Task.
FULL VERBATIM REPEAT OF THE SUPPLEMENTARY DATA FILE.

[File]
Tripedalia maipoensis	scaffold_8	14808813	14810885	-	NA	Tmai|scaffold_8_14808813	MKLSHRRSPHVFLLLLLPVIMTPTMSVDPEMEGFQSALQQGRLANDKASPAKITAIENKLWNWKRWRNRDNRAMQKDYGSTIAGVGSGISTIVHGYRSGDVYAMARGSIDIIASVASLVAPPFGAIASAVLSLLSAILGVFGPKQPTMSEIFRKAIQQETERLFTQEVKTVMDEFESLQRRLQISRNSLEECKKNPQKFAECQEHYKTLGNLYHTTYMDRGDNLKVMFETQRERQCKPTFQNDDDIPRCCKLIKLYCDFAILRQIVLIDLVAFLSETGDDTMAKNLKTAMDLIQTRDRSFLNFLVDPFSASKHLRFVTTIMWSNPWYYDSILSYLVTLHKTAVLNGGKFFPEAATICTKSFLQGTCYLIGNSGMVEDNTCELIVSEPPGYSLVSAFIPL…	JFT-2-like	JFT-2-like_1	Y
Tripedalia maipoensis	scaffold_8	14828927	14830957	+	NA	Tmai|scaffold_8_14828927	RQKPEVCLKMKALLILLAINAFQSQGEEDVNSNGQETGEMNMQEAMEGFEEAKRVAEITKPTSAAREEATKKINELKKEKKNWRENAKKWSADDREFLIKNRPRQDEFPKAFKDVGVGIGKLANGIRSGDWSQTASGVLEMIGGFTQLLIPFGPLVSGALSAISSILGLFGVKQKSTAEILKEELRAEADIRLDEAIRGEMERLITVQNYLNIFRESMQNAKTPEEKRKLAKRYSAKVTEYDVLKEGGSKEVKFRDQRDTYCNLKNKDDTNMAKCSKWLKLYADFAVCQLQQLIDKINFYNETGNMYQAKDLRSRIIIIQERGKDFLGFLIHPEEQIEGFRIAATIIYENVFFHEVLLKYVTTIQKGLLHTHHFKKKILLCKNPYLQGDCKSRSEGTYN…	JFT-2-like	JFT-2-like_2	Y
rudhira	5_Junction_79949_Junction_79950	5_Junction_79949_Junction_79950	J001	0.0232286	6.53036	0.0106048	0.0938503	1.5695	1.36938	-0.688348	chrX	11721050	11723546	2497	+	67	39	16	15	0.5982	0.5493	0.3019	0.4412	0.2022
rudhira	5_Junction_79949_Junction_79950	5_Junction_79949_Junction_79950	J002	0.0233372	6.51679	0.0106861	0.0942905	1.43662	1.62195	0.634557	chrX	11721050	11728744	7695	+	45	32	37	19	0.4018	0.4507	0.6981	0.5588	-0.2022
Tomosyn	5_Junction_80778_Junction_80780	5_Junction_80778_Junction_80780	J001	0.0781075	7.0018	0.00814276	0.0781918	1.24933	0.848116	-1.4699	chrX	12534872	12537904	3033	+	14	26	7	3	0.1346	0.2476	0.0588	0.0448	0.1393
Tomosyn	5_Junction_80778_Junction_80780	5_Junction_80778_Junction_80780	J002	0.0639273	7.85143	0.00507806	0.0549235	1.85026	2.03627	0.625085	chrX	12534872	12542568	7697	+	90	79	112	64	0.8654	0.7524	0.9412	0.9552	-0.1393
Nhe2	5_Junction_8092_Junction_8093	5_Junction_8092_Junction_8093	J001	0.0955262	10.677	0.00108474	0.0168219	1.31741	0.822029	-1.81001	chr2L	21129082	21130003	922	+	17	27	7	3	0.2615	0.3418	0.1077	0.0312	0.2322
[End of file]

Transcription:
Tripedalia maipoensis	scaffold_8	14808813	14810885	-	NA	Tmai|scaffold_8_14808813	MKLSHRRSPHVFLLLLLPVIMTPTMSVDPEMEGFQSALQQGRLANDKASPAKITAIENKLWNWKRWRNRDNRAMQKDYGSTIAGVGSGISTIVHGYRSGDVYAMARGSIDIIASVASLVAPPFGAIASAVLSLLSAILGVFGPKQPTMSEIFRKAIQQETERLFTQEVKTVMDEFESLQRRLQISRNSLEECKKNPQKFAECQEHYKTLGNLYHTTYMDRGDNLKVMFETQRERQCKPTFQNDDDIPRCCKLIKLYCDFAILRQIVLIDLVAFLSETGDDTMAKNLKTAMDLIQTRDRSFLNFLVDPFSASKHLRFVTTIMWSNPWYYDSILSYLVTLHKTAVLNGGKFFPEAATICTKSFLQGTCYLIGNSGMVEDNTCELIVSEPPGYSLVSAFIPL…	JFT-2-like	JFT-2-like_1	Y
Tripedalia maipoensis	scaffold_8	14828927	14830957	+	NA	Tmai|scaffold_8_14828927	RQKPEVCLKMKALLILLAINAFQSQGEEDVNSNGQETGEMNMQEAMEGFEEAKRVAEITKPTSAAREEATKKINELKKEKKNWRENAKKWSADDREFLIKNRPRQDEFPKAFKDVGVGIGKLANGIRSGDWSQTASGVLEMIGGFTQLLIPFGPLVSGALSAISSILGLFGVKQKSTAEILKEELRAEADIRLDEAIRGEMERLITVQNYLNIFRESMQNAKTPEEKRKLAKRYSAKVTEYDVLKEGGSKEVKFRDQRDTYCNLKNKDDTNMAKCSKWLKLYADFAVCQLQQLIDKINFYNETGNMYQAKDLRSRIIIIQERGKDFLGFLIHPEEQIEGFRIAATIIYENVFFHEVLLKYVTTIQKGLLHTHHFKKKILLCKNPYLQGDCKSRSEGTYN…	JFT-2-like	JFT-2-like_2	Y
rudhira	5_Junction_79949_Junction_79950	5_Junction_79949_Junction_79950	J001	0.0232286	6.53036	0.0106048	0.0938503	1.5695	1.36938	-0.688348	chrX	11721050	11723546	2497	+	67	39	16	15	0.5982	0.5493	0.3019	0.4412	0.2022
rudhira	5_Junction_79949_Junction_79950	5_Junction_79949_Junction_79950	J002	0.0233372	6.51679	0.0106861	0.0942905	1.43662	1.62195	0.634557	chrX	11721050	11728744	7695	+	45	32	37	19	0.4018	0.4507	0.6981	0.5588	-0.2022
Tomosyn	5_Junction_80778_Junction_80780	5_Junction_80778_Junction_80780	J001	0.0781075	7.0018	0.00814276	0.0781918	1.24933	0.848116	-1.4699	chrX	12534872	12537904	3033	+	14	26	7	3	0.1346	0.2476	0.0588	0.0448	0.1393
Tomosyn	5_Junction_80778_Junction_80780	5_Junction_80778_Junction_80780	J002	0.0639273	7.85143	0.00507806	0.0549235	1.85026	2.03627	0.625085	chrX	12534872	12542568	7697	+	90	79	112	64	0.8654	0.7524	0.9412	0.9552	-0.1393
Nhe2	5_Junction_8092_Junction_8093	5_Junction_8092_Junction_8093	J001	0.0955262	10.677	0.00108474	0.0168219	1.31741	0.822029	-1.81001	chr2L	21129082	21130003	922	+	17	27	7	3	0.2615	0.3418	0.1077	0.0312	0.2322